thorough to assure the recommendation is not based on an unlawful bias, but rather a legitimate
reason that warrants the proposed discipline.

If you have questions about the Staub decision, “Cat’s Paw” liability or liability based on the actions of
your supervisors, please feel free to contact one of our labor and employment lawyers.

The Cat’s Paw Doctrine – Liability for Supervisor Bias

A. What is it?

1. The courts have recognized a theory of liability for an employer for discrimination when the employer
relies on the comments/records/information provided by a biased subordinate supervisor when taking an
adverse employment action against an employee even when the supervisor doesn’t make the adverse
decision.

2. Applies in situations where there is no evidence that the actual decision maker was biased or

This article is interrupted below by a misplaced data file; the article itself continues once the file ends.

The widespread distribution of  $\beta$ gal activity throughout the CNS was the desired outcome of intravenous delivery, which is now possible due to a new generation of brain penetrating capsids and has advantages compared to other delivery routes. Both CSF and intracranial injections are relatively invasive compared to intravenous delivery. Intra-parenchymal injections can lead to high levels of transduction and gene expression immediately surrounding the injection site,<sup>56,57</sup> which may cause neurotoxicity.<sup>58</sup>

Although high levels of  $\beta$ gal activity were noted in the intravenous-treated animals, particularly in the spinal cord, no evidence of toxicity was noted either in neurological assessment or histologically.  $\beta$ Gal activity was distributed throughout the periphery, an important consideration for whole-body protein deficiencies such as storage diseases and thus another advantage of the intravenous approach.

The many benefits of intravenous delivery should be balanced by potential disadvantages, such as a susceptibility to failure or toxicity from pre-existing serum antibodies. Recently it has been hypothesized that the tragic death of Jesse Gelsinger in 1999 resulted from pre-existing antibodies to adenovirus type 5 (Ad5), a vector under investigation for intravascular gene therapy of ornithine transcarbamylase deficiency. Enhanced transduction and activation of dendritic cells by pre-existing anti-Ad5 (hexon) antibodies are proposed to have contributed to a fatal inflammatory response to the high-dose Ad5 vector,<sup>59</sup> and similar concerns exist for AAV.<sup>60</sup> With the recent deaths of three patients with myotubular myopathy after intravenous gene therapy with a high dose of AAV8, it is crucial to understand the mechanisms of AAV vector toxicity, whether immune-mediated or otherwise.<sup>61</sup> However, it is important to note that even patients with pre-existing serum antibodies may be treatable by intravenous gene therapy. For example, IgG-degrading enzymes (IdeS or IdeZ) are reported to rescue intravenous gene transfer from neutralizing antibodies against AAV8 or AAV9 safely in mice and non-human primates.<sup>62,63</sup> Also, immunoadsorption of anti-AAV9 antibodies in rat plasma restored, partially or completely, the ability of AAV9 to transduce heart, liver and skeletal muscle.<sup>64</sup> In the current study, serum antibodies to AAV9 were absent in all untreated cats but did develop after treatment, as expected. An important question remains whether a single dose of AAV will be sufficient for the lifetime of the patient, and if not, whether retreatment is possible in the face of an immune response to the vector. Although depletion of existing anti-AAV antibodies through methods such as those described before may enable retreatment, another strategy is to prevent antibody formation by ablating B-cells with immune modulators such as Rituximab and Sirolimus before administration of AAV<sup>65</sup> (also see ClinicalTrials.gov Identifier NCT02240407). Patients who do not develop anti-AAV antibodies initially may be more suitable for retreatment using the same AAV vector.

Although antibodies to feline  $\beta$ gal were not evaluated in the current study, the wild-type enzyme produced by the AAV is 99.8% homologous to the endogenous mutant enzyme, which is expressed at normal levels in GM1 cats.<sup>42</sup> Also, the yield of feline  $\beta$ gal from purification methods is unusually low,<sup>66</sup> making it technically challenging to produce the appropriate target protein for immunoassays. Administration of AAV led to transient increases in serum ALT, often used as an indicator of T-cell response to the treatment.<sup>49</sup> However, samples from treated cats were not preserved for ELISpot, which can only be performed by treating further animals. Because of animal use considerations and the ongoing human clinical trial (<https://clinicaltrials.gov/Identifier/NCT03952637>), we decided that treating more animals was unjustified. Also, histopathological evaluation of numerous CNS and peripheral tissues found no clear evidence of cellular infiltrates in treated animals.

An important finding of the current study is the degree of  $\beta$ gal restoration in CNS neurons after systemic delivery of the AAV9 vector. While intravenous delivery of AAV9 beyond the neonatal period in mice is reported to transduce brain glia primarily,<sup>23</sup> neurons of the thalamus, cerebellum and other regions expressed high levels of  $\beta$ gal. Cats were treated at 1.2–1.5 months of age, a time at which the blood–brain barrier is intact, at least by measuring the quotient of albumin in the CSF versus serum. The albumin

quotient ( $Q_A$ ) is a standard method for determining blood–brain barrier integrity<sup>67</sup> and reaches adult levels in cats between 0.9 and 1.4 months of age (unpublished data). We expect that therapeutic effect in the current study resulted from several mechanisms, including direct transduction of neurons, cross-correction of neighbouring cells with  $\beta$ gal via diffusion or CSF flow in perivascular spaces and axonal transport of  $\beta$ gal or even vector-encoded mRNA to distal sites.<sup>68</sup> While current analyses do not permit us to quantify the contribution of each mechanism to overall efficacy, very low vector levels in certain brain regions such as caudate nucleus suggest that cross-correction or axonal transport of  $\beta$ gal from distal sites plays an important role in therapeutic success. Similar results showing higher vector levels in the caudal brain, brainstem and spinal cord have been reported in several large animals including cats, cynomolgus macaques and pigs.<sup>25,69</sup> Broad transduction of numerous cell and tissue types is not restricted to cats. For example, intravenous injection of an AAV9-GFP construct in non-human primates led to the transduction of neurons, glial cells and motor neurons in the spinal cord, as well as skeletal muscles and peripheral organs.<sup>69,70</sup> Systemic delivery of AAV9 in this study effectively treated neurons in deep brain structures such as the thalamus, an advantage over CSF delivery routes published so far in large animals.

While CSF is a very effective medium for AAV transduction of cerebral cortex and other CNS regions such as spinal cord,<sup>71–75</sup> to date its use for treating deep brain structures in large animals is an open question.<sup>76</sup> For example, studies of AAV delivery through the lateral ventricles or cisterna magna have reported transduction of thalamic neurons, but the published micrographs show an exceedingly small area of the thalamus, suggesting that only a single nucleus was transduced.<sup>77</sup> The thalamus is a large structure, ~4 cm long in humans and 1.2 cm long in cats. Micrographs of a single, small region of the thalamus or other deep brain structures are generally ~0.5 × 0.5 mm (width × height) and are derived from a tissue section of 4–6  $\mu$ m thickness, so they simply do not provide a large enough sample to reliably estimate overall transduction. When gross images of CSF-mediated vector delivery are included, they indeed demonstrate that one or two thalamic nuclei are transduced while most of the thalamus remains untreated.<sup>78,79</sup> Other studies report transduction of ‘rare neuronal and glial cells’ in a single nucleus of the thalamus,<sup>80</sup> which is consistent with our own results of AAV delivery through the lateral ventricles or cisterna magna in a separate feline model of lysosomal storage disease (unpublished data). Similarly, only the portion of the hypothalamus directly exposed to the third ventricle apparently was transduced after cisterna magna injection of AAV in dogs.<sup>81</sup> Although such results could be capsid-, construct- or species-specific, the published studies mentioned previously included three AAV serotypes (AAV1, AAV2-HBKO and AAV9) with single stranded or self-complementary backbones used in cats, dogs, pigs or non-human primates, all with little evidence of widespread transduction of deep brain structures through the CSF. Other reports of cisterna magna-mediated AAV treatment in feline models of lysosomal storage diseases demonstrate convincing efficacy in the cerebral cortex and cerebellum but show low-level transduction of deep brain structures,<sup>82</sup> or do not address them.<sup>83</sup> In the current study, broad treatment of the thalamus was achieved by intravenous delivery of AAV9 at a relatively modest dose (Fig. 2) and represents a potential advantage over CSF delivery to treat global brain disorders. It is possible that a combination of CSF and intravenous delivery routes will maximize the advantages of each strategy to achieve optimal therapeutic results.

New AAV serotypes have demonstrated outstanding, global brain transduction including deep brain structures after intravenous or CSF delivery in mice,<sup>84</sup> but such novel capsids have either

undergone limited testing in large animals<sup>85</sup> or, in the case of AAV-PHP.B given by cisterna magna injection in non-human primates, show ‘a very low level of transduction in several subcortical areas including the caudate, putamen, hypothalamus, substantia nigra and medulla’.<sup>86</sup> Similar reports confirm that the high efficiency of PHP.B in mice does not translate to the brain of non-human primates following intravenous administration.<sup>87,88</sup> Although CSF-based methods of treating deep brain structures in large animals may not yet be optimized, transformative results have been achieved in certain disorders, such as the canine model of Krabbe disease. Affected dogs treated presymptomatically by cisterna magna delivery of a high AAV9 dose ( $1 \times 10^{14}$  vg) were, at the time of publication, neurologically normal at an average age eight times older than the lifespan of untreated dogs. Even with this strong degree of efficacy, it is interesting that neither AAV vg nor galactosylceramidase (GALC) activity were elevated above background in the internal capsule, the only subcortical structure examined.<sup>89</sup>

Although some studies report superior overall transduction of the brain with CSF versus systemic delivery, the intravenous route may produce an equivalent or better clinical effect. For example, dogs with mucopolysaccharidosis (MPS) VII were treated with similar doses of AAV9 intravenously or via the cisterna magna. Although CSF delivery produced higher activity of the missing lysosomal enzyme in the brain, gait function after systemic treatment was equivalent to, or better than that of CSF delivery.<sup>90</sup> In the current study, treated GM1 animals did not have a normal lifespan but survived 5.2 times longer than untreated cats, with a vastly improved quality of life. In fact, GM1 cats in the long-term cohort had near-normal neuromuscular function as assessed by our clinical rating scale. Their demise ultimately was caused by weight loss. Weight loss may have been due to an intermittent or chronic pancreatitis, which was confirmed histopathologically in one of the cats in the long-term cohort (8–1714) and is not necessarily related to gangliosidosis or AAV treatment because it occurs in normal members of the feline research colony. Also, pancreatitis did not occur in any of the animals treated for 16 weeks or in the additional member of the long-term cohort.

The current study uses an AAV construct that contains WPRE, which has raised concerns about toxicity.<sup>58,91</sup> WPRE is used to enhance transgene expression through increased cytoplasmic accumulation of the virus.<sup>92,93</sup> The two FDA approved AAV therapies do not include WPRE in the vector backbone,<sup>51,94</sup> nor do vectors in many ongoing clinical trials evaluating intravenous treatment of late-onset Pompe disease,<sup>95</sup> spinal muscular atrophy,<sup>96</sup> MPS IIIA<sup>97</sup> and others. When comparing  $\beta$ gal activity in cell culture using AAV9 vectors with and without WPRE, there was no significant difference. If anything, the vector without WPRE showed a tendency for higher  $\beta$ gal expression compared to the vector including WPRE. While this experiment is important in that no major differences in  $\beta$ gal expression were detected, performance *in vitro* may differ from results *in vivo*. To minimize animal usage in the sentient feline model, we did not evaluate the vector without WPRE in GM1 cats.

engaged in any discriminatory behavior himself or herself.

3. The term originally was coined in the case law by Judge Posner (7th Circuit) in the case of Shager v.
Upjohn, 913 F.3d 398 (7th Cir. 1990). The term “Cat’s Paw” originally comes from a fable authored by
Jean de La Fontaine and means getting someone else to unwittingly do one’s bidding.

THE CAT, THE MONKEY, AND THE CHESTNUTS

An Aesop Fable

One day a cat and a monkey sat watching some chestnuts put into the fire to roast. “How good they must be!” said the monkey. “I wish we had them. I am sure you can get some out. Your paws are so much like hands.”

The cat was much pleased at these words. She put out her paw for the chestnuts. She took one out but
burned her paw.

“How well you did that!” said the monkey. “I am sure you can get them all.”

So the poor cat pulled out the nuts one by one, burning her paw each time.

At last they were all out. Then she turned around, but only in time to see the monkey crack and eat the last of the nuts.